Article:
A 3.50-metre-long marble lintel was discovered found during the excavation near the foundations of the Byzantine gate of the castle of Agioi Theodoroi on the island of Lesvos. The lintel is linked to the ancient city-state of Antissa, one of the ancient Aeolian city-states of Lesvos, and leads to a revision of the island’s late Byzantine history, the Culture Ministry said in a statement..
According to the statement, the lintel was found during the excavation of the southeastern part of the medieval sea wall of the castle of Agioi Theodoroi, also known as Ovriokastro, next to the Byzantine gate of the castle.
The discovery bears in relief the heraldry of the Genoese House of Gattilusio, as well as that of the Palaiologos dynasty, which until today were only known from their equivalents in the medieval castle of Mytilene and indicate the handover of the governance of Lesvos, as well as its castles, from the Byzantines to the Gattilusio dynasty.
The House of Gattilusio was a powerful Genoese family who controlled a number of possessions in the northern Aegean from 1355 until the mid 15th century.
The most interesting thing, however, about the lintel of this Byzantine gate is that next to the heraldry of the Palaiologos, instead of the double-headed eagle, a symbol of Byzantium, was found a depiction of a castle with a main gate and three rectangular towers on the acropolis, a depiction which seems to be identified with the then Byzantine castle of Agioi Theodoroi, which was handed over in 1355 AD by the Byzantines to the Gattilusio.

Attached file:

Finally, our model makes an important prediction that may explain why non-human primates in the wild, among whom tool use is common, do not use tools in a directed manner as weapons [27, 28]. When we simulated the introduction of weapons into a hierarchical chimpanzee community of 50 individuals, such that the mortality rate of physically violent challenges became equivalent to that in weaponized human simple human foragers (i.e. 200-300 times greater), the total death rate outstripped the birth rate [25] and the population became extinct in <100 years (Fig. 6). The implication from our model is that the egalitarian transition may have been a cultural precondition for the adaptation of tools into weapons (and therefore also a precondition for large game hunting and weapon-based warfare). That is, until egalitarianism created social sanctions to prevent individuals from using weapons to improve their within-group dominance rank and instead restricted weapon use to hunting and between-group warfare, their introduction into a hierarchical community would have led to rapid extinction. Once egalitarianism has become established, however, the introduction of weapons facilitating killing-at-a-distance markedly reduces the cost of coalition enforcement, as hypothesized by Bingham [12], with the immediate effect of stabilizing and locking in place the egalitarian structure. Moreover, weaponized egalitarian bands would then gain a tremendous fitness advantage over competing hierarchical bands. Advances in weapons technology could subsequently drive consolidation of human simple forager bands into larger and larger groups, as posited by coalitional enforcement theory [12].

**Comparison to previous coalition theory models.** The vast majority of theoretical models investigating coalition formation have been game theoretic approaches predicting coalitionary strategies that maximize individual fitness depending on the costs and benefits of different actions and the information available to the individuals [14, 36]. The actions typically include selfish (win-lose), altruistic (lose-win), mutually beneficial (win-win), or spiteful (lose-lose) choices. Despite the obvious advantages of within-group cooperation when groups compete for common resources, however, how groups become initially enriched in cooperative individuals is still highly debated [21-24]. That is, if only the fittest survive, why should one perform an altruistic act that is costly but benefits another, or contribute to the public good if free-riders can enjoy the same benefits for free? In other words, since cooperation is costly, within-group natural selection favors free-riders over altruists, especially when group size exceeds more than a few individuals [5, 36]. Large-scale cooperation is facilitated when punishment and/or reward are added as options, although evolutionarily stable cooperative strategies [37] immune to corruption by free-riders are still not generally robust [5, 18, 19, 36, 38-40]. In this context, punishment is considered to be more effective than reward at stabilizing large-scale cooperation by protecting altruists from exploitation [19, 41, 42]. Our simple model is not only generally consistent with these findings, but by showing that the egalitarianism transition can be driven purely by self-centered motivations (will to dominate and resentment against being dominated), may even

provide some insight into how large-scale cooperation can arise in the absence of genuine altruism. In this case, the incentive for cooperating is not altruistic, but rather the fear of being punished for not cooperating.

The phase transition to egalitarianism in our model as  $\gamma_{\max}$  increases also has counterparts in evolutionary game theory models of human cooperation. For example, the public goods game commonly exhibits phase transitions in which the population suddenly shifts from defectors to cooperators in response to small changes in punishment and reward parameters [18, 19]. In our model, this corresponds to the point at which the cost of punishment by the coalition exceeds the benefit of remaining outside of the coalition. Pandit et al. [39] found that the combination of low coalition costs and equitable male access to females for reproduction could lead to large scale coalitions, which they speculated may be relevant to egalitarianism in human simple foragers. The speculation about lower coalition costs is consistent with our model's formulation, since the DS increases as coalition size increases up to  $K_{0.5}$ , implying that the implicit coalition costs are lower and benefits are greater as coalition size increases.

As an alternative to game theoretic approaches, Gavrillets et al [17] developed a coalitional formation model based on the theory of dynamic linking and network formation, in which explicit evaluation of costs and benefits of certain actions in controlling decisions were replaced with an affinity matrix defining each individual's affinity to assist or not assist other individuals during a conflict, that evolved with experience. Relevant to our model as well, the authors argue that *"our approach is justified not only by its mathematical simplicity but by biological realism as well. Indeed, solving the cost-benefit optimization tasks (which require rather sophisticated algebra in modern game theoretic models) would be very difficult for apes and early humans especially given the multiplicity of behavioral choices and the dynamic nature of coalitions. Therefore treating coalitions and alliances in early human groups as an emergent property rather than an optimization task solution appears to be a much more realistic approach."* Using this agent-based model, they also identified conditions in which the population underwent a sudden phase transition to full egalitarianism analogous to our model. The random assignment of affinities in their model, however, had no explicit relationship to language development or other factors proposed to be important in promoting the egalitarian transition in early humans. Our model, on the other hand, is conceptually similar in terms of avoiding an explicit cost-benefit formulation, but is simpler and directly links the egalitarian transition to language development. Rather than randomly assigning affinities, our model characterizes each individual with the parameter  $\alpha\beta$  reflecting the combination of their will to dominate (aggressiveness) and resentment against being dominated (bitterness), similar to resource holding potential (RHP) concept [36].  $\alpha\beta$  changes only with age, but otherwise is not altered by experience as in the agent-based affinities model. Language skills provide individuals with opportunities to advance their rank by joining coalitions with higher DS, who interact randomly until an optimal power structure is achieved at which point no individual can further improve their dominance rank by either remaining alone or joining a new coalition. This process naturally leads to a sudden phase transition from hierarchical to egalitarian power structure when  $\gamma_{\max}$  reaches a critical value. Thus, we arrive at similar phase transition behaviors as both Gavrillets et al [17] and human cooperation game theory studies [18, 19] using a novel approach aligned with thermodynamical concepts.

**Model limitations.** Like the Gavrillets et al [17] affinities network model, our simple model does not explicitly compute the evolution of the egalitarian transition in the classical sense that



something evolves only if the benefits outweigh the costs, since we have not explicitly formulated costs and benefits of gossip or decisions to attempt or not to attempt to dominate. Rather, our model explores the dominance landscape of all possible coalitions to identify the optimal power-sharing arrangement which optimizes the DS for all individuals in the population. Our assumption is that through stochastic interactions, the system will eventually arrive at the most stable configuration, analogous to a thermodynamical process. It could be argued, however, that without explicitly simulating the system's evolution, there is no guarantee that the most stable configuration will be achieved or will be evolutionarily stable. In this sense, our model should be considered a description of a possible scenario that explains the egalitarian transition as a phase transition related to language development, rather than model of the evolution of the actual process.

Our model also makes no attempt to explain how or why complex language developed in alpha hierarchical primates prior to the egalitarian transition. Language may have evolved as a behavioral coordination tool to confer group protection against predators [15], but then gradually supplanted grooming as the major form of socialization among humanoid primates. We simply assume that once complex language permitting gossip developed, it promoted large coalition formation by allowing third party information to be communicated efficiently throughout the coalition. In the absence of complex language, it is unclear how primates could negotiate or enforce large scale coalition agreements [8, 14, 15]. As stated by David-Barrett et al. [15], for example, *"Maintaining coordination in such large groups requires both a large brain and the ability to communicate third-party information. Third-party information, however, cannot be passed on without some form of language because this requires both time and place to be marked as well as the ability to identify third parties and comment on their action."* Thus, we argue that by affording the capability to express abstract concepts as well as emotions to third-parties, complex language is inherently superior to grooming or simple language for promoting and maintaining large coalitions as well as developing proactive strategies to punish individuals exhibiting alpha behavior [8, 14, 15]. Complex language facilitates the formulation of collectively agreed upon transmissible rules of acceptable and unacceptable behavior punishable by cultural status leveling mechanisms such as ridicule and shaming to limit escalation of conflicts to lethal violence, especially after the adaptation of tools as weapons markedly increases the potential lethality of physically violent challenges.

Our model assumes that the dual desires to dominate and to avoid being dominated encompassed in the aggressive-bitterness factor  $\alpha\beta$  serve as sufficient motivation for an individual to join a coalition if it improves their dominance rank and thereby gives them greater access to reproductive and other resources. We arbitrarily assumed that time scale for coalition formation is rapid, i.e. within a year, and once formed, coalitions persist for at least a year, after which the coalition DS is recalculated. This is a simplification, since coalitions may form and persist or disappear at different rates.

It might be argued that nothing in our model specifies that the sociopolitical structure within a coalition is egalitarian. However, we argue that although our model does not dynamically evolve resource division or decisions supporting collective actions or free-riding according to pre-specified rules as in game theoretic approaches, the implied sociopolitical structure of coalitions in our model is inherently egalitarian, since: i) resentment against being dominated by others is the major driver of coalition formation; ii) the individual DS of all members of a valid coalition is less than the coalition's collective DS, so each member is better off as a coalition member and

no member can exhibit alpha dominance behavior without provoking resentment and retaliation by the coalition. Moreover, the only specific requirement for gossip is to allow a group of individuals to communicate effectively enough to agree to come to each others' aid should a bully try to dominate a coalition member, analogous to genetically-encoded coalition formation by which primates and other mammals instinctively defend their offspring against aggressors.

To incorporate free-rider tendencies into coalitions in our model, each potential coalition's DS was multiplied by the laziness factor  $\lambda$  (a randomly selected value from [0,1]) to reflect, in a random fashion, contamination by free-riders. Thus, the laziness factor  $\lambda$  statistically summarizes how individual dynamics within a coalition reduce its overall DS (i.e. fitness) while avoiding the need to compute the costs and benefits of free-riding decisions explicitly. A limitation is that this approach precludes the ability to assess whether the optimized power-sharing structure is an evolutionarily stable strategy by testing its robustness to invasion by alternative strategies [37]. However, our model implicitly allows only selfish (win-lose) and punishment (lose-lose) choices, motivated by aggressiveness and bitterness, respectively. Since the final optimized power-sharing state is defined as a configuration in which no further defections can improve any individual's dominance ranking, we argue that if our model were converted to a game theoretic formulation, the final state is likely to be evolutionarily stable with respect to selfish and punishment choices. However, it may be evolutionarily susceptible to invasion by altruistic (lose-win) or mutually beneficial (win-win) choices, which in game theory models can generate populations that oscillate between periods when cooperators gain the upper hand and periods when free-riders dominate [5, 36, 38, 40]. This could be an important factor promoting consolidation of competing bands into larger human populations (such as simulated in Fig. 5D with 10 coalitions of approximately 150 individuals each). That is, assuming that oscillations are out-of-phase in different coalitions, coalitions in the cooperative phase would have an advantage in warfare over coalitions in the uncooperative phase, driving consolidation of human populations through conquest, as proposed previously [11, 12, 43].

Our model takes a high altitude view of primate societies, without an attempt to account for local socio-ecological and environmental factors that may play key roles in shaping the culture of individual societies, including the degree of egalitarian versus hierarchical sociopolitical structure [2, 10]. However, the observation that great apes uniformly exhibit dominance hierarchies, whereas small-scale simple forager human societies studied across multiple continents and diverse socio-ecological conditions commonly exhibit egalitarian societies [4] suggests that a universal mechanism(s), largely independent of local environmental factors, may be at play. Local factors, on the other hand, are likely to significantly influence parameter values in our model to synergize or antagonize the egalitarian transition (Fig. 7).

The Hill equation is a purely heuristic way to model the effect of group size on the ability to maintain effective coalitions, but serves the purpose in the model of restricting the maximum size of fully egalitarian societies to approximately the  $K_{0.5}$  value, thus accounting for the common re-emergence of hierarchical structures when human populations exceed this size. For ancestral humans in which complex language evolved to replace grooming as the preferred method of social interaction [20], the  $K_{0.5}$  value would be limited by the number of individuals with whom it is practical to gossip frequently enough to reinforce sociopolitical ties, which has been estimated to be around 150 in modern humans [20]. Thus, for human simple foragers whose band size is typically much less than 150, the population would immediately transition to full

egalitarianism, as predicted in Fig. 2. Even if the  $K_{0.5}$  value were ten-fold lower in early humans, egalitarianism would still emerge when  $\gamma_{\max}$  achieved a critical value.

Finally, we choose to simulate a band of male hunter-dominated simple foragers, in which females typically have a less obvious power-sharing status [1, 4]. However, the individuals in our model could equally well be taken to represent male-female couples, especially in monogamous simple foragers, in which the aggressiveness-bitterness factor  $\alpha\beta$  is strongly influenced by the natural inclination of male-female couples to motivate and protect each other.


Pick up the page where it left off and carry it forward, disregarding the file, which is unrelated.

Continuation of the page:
It is noted that the written sources and testimonies to date do not preserve any depiction of the Byzantine castle of Aghioi Theodoroi.
The marble lintel is the first representation of it and gives evidence of its form, unknown to us until today, as it had undergone substantial reconstruction during the 15th century by the House of Gattilusio.
pictures: culture ministry
the double eagle was an occasional symbol of the house of palaiologos, but became more consistently used by that family a bit later (end of the 14th century more like).. the monogram was an older type of symbol for the palaiologis family, and monograms of that style were much more common in byzantium than heraldic type symbols. only very late did they start getting into the western fashion of grapphic images. Also, the other emblem visible on the stone, the ‘quadruple B’ as it’s called, was a more general emblem used as a symbol for the byzantine state (not any particular dynasty or family) going back much further, into the middle byzantine period at least – sort of a medieval version of the SPQR that was used as an emblem for the roman state from republican times up into early byzantine times.